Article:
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Quality improvement in general practice: enabling general practitioners to judge ethical dilemmas
  1. Laura Tapp1,
  2. Adrian Edwards2,
  3. Glyn Elwyn3,
  4. Soren Holm4,
  5. Tina Eriksson5
  1. 1Department of Psychology, University of Southampton, Highfield Campus, Southampton, UK
  2. 2Department of Primary Care and Public Health, Cardiff University, Neuadd Meironydd Heath Park, Cardiff, UK
  3. 3Clinical Epidemiology Interdisciplinary Research Group, Department of Primary Care and Public Health, Cardiff University, Neuadd Meironydd Heath Park, Cardiff, UK
  4. 4CSEP, School of Law, University of Manchester, Manchester, UK
  5. 5Department of Family Medicine, Institute of Public Health, Copenhagen, Denmark
  1. Correspondence to Laura Tapp, Department of Psychology, University of Southampton, Highfield Campus, Southampton SO17 1BJ, UK; l.tapp{at}


Quality improvement (QI) is fundamental to maintaining high standards of health care. Significant debate exists concerning the necessity for an ethical approval system for those QI projects that push the boundaries, appearing more similar to research than QI. The authors discuss this issue identifying the core ethical issues in family medicine (FM), drawing upon the fundamental principles of medical ethics, including principles of autonomy, utility, justice and non-maleficence. Recent debate concerning the application of QI ethics boards is discussed with relevance to primary care and issues such as general practitioner (GP) intentions, the impact of QI on patients and the use of confidential patient data and the impact of dissemination. The authors conclude that a system of QI ethical approval leaves many issues unresolved and potentially creates several barriers to implementing QI. To ensure ethical QI work is generated within FM it is essential for GPs to learn about and engage in more ethical reflection so that they can better judge and resolve these issues.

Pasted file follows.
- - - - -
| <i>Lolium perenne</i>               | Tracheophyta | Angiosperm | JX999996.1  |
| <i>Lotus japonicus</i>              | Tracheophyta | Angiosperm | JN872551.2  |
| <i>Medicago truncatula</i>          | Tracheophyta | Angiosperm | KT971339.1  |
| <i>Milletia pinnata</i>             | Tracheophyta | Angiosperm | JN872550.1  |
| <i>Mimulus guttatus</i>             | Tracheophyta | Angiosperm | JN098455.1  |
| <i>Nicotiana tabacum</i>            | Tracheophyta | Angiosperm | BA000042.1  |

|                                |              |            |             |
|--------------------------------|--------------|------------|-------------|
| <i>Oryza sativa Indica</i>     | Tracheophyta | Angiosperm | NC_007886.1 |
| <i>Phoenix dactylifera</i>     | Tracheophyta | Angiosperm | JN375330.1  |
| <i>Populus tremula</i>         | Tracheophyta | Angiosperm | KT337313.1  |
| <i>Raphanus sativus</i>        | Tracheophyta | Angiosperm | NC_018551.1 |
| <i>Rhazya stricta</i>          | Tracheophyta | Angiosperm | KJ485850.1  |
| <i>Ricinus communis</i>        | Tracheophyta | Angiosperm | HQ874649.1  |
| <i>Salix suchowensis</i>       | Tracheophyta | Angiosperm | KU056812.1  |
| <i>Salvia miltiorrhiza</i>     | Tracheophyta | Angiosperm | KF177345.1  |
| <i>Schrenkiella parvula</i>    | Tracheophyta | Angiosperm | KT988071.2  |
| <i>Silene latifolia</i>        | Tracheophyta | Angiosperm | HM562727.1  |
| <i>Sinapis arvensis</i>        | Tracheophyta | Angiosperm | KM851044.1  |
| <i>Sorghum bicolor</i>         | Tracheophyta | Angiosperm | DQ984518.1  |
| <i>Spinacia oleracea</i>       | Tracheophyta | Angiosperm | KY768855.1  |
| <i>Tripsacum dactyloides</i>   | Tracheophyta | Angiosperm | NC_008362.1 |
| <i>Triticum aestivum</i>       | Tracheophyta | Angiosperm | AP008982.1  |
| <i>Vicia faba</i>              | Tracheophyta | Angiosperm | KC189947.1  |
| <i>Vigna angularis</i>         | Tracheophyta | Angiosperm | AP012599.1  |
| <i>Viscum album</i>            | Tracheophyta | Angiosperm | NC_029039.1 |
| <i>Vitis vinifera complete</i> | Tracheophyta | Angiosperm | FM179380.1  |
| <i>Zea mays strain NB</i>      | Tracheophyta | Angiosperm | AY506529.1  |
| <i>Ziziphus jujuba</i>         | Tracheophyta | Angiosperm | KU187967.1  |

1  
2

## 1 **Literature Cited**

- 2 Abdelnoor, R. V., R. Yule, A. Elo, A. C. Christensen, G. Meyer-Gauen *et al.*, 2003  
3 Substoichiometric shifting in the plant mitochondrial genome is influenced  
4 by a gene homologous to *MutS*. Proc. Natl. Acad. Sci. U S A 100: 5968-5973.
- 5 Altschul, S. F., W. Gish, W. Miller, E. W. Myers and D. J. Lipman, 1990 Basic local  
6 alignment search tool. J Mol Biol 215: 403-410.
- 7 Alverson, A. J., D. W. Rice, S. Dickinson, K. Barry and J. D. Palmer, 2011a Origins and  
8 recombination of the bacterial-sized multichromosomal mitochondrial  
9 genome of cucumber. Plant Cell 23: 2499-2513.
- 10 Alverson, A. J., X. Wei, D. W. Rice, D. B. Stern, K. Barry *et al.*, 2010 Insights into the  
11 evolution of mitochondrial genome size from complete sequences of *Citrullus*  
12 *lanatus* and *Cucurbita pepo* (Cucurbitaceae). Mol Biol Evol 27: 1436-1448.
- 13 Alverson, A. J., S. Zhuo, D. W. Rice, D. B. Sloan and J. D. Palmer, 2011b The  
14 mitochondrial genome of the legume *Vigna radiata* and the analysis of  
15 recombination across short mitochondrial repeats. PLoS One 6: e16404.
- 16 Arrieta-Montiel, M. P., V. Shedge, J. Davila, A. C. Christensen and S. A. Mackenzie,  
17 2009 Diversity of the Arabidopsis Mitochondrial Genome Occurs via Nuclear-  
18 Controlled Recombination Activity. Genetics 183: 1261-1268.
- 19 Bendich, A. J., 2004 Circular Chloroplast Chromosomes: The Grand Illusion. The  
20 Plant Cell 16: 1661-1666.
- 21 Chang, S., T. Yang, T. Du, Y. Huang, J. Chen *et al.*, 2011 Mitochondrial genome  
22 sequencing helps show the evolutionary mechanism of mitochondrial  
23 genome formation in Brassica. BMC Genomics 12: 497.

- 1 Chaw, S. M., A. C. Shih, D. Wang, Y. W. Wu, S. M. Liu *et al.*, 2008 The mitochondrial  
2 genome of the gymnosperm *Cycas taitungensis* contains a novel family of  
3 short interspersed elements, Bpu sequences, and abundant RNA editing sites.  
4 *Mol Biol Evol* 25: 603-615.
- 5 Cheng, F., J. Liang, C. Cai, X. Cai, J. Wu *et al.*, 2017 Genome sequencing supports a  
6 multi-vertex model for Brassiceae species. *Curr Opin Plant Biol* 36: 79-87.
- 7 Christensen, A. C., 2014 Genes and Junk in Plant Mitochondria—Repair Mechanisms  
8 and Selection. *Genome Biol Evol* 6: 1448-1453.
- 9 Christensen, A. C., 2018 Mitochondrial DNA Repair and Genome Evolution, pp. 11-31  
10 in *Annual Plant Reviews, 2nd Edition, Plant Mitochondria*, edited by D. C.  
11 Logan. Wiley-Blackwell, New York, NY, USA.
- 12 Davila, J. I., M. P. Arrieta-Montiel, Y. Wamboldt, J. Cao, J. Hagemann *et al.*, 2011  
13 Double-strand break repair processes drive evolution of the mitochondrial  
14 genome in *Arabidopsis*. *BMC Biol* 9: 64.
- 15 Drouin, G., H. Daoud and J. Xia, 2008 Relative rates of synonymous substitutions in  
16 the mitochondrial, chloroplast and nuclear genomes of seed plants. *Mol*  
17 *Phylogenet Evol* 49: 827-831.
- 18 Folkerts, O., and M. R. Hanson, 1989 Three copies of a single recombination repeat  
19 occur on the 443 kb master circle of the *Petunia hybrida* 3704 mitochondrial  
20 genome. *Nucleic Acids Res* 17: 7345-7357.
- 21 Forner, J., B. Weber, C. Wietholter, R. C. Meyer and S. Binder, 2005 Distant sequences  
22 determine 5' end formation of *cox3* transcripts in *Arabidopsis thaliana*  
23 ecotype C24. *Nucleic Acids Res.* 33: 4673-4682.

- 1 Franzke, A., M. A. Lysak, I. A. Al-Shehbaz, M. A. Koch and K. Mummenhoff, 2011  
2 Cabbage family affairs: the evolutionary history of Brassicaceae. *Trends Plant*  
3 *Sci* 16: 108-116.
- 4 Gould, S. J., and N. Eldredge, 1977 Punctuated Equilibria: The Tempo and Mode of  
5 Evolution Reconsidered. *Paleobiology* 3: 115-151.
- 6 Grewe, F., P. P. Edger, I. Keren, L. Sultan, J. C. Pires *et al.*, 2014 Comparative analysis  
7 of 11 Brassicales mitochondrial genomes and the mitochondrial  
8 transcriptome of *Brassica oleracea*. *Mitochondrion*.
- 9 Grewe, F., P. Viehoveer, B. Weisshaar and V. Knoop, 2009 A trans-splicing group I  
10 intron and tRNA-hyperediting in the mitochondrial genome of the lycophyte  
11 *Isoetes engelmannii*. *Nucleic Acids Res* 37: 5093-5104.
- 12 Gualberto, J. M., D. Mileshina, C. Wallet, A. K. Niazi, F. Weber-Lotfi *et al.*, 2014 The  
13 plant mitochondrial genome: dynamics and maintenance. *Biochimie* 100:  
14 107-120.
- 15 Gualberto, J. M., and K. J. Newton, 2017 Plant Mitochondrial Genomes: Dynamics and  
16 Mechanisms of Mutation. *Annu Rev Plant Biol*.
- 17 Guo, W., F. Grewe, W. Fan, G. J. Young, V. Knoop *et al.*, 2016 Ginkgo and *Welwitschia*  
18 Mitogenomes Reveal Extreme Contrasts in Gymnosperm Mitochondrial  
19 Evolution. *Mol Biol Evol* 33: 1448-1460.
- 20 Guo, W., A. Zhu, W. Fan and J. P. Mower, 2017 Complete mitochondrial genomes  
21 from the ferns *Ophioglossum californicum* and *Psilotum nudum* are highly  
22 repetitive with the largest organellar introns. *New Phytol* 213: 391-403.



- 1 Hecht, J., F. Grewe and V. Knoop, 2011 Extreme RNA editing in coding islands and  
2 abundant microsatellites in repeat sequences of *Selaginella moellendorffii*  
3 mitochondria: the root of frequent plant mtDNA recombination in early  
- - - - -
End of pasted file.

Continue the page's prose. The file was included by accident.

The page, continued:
• Ethics
  • family medicine
  • quality improvement

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  • Competing interests None. The handling editor was Richard Ashcroft.

  • Patient consent Obtained.

  • Provenance and peer review Not commissioned; externally peer reviewed.

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